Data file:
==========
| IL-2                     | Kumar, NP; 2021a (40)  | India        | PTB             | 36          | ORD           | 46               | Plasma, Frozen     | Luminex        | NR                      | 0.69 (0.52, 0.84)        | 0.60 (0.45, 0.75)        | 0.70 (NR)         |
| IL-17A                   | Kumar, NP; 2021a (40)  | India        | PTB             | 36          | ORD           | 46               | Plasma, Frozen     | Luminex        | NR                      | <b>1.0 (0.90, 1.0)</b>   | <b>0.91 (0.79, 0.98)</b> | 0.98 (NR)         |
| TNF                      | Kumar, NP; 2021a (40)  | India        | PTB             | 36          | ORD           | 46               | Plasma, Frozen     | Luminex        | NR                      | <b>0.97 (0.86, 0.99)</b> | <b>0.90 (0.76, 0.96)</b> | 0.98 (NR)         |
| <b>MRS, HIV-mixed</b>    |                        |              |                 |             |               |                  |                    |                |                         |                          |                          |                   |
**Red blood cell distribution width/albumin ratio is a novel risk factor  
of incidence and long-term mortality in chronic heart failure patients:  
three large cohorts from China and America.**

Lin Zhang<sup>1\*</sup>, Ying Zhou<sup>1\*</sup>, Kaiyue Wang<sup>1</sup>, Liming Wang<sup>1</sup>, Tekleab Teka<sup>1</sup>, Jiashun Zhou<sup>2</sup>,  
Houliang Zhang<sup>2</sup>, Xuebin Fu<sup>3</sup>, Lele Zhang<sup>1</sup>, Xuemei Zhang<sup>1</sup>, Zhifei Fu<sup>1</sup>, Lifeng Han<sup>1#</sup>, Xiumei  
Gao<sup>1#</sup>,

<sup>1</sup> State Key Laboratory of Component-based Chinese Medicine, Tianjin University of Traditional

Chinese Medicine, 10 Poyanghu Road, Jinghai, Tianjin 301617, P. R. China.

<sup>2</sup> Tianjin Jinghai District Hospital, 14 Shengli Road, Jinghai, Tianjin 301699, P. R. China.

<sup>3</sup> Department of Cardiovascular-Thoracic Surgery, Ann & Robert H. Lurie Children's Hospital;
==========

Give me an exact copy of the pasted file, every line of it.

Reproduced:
| IL-2                     | Kumar, NP; 2021a (40)  | India        | PTB             | 36          | ORD           | 46               | Plasma, Frozen     | Luminex        | NR                      | 0.69 (0.52, 0.84)        | 0.60 (0.45, 0.75)        | 0.70 (NR)         |
| IL-17A                   | Kumar, NP; 2021a (40)  | India        | PTB             | 36          | ORD           | 46               | Plasma, Frozen     | Luminex        | NR                      | <b>1.0 (0.90, 1.0)</b>   | <b>0.91 (0.79, 0.98)</b> | 0.98 (NR)         |
| TNF                      | Kumar, NP; 2021a (40)  | India        | PTB             | 36          | ORD           | 46               | Plasma, Frozen     | Luminex        | NR                      | <b>0.97 (0.86, 0.99)</b> | <b>0.90 (0.76, 0.96)</b> | 0.98 (NR)         |
| <b>MRS, HIV-mixed</b>    |                        |              |                 |             |               |                  |                    |                |                         |                          |                          |                   |
**Red blood cell distribution width/albumin ratio is a novel risk factor  
of incidence and long-term mortality in chronic heart failure patients:  
three large cohorts from China and America.**

Lin Zhang<sup>1\*</sup>, Ying Zhou<sup>1\*</sup>, Kaiyue Wang<sup>1</sup>, Liming Wang<sup>1</sup>, Tekleab Teka<sup>1</sup>, Jiashun Zhou<sup>2</sup>,  
Houliang Zhang<sup>2</sup>, Xuebin Fu<sup>3</sup>, Lele Zhang<sup>1</sup>, Xuemei Zhang<sup>1</sup>, Zhifei Fu<sup>1</sup>, Lifeng Han<sup>1#</sup>, Xiumei  
Gao<sup>1#</sup>,

<sup>1</sup> State Key Laboratory of Component-based Chinese Medicine, Tianjin University of Traditional

Chinese Medicine, 10 Poyanghu Road, Jinghai, Tianjin 301617, P. R. China.

<sup>2</sup> Tianjin Jinghai District Hospital, 14 Shengli Road, Jinghai, Tianjin 301699, P. R. China.

<sup>3</sup> Department of Cardiovascular-Thoracic Surgery, Ann & Robert H. Lurie Children's Hospital;